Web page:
Charmin' Billy

William Cody Neal knew how to spin a story. Believing him was murder.

"He had me hook, line and sinker," she recalls. "There had still been no kiss, but I'm like, 'You're freaking me out...I'm in love.' That's how good he was. Eighteen years ago he could have had any woman he wanted with a 'hi' and a smile. But he put the target on me."

At the time, Karen was already involved -- but the man in that relationship was abusive. Bill talked her into moving back in with her parents, who were now living in Virginia, and seeing him instead. Her parents liked Bill initially, at least in part because he discouraged Karen's use of alcohol and marijuana and he seemed to treat her well. In fact, he enjoyed treating them all to dinner at the finest D.C. restaurants, where he would always know everyone from the pianist to the matre'd, who would point them to the best tables while other patrons waited in line.

He was charming, always a gentleman and fond of surprising her. And in those days, also in fantastic shape. Although at 5'8", Bill was only a little taller than Karen, he was quick and strong, with a washboard abdomen and well-muscled arms and legs. "The neighbors in his old neighborhood used to think he was crazy because he'd put on his backpack and pick a canoe up over his head and run around the neighborhood," she remembers and laughs.

Life of the party: "Wild Bill Cody" Neal.
Life of the party: "Wild Bill Cody" Neal.
Rebecca Holderton, Candace Walters and Angela Fite all made fatal mistakes: They believed William Neal.
Rebecca Holderton, Candace Walters and Angela Fite all made fatal mistakes: They believed William Neal.


Previous Westword articles

"Judging the Judge,"
September 30, 1999
After a year on the Jefferson County bench, Brooke Jackson knows it can be a real hot seat.
By Steve Jackson

"Judgment Day,"
May 6, 1999
The state's first death-penalty panel spares the life of Robert Riggan.

Karen and Bill dated off and on for the next three years. Off and on, because he'd disappear for months at a time "while I'd wait for him to come back," she says. He broke her heart every time he left, but she couldn't help herself -- she always welcomed his return. He seemed so perfect.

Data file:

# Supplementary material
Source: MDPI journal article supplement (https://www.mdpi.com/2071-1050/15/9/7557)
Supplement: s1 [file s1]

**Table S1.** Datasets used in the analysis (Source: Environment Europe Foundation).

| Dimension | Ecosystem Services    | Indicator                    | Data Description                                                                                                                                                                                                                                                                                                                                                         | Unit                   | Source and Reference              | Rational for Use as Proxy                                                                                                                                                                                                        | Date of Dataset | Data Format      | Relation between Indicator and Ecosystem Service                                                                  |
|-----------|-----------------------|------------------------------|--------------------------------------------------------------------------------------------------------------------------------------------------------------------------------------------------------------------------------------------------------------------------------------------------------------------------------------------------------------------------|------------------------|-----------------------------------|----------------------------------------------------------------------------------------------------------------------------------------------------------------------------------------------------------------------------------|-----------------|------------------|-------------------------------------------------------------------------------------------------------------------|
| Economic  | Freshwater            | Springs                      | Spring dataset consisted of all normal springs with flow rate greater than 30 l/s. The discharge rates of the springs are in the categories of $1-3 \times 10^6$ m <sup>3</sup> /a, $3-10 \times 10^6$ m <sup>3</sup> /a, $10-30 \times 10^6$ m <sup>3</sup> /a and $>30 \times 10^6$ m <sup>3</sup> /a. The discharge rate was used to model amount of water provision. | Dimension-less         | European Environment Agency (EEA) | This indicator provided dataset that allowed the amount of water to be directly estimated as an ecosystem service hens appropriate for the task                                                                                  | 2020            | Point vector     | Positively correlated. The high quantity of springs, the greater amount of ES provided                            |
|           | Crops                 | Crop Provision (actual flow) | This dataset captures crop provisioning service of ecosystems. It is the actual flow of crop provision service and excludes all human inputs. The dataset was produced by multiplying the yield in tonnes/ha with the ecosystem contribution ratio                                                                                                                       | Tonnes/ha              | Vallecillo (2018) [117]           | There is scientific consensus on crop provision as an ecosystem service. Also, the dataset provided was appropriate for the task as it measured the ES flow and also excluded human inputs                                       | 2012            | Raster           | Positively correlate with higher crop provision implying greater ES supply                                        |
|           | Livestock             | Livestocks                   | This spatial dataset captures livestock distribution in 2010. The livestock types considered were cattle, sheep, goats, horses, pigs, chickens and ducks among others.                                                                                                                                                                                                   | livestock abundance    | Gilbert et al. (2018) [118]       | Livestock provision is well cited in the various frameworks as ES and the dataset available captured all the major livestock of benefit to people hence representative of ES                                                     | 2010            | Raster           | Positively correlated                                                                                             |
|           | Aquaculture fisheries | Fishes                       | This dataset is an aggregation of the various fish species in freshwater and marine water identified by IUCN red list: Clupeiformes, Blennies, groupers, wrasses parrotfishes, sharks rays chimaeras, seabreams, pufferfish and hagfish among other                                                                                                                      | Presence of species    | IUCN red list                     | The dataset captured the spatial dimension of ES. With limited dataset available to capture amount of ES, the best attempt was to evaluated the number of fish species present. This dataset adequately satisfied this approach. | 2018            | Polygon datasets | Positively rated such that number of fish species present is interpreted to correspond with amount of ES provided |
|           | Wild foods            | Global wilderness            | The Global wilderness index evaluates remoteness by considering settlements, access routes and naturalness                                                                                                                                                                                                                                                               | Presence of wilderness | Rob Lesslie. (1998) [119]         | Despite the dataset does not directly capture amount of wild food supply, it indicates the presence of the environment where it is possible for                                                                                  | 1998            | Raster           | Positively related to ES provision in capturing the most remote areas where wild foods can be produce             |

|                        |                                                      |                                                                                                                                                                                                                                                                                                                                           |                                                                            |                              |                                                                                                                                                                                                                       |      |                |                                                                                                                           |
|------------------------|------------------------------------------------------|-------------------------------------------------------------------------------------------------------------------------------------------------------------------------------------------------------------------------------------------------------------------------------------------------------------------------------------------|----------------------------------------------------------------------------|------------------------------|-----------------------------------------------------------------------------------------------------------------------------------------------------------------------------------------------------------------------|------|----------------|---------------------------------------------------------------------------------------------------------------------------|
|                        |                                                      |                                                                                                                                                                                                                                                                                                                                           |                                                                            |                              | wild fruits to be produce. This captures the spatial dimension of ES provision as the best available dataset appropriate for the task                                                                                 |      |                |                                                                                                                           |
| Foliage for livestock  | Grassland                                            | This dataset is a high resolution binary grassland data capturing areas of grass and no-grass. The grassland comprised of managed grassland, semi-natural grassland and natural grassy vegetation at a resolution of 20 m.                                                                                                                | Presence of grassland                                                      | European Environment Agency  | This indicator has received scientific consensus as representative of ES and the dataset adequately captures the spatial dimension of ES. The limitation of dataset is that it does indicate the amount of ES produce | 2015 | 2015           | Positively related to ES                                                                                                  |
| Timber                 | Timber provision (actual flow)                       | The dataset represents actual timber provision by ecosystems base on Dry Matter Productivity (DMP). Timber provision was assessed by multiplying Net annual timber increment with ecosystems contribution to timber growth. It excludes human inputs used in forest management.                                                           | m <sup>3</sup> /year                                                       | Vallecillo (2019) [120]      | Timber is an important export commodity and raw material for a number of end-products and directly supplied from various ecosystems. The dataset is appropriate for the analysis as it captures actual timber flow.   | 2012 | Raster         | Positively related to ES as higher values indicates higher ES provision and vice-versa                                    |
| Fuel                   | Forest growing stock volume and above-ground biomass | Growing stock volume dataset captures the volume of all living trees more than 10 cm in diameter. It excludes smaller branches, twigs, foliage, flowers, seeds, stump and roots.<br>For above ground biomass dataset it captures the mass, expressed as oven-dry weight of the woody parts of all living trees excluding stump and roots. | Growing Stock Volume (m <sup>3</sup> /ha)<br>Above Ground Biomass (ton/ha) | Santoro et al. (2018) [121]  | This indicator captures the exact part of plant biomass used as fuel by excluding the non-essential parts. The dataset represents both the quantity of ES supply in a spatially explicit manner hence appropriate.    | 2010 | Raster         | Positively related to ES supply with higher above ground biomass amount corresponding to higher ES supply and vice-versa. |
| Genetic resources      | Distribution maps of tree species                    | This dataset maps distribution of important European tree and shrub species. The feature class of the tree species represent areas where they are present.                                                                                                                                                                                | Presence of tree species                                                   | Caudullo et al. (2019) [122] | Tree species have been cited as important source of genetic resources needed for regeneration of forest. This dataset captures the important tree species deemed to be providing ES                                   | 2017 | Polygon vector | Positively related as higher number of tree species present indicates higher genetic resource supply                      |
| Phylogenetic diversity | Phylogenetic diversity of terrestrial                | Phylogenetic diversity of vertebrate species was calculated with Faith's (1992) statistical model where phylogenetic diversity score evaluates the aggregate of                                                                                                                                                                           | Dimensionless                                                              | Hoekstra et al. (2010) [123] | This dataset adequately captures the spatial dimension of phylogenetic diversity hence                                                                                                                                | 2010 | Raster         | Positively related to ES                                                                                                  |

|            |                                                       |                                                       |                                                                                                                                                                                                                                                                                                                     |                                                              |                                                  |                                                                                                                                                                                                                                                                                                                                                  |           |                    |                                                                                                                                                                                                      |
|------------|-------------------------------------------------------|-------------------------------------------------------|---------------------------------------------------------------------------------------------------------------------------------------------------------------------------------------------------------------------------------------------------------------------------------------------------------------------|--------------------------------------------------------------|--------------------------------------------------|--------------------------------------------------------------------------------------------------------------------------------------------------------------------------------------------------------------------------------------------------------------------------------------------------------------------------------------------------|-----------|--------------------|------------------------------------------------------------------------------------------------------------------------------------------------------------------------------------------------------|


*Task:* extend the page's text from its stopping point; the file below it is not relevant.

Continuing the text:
Smart: He could quote Thoreau, for God's sake, and read anything he could get his hands on.

Heroic: He said he'd been a member of the Green Berets and also the Alaskan Mountain Rescue Team and showed her photographs of himself on snowshoes, crossing crevasses.

Ambitious: He said he'd owned Neal Tech, which sold alarm systems -- including some installed in the White House -- and was confident he'd be successful at whatever he put his hand to next.

Sensitive: He was devoted to his mother and was moved to tears describing how his father had suffered a heart attack in the family car and died in his arms.

And sexy: He spared no expense on romancing her, whether it was covering their bed with rose petals, filling a bath with special lotions and bubbles, or buying extravagant dinners, all followed by dreamy massages.

"He could fit into any crowd...walk into anywhere and be whatever he wanted to be," she recalls. He was as at home in the woods as at a fancy gathering, wearing an expensive suit and a $60 haircut. She never knew where he got all the money. She didn't think it was her business to ask, figuring it might have something to do with his mysterious disappearances, which he never really explained. Or perhaps he had generous benefactors.

"He knew people everywhere," she says. "We could be on a hike and come on some drop-dead gorgeous cabin deep in the woods, and he'd know the wealthy couple who lived there. We'd be invited to dinner, like he was a long-lost son."

Looking back, she sees that from the beginning, there were signs that her perfect man was far from perfect. When they met, he told her he was living with another woman in a "purely platonic" relationship. She believed him because she was in love -- even after they went over to his apartment one day and he told her to duck when he thought he saw the woman coming out of the complex. After the coast was clear, he took her up to the apartment, which held only a single king-size bed. That's some platonic relationship, she thought. But he'd told her that's all it was, and she wanted so very much to believe him. So she did.

And then there was that weird quirk. They'd be walking down the sidewalk or in a mall, and when Bill saw a woman in a short skirt or tight sweater, he'd mutter, "Slut." The comments were always made under his breath so only Karen could hear. But they embarrassed her, and she'd ask him to stop. The next time an attractive woman passed, though, whether it was that afternoon or a week later, he'd be back to muttering. Slut. Whore.

Bill was an imaginative lover, always wanting to know her fantasies. Had she ever thought about sex with another woman? What about with two men? "I told him, 'Sure, I've thought about it; everyone has fantasies.' But that's all they were -- fantasies. I would never have done it," she says.

One night he took Karen to a mountain lodge for what was to be a romantic getaway. He didn't do drugs, but since he knew she liked marijuana, he'd brought some, along with a little cocaine he lined out. He had her slip into a negligee and opened a bottle of champagne. She was getting all warm and fuzzy, anticipating the rest of the evening, when the telephone rang.

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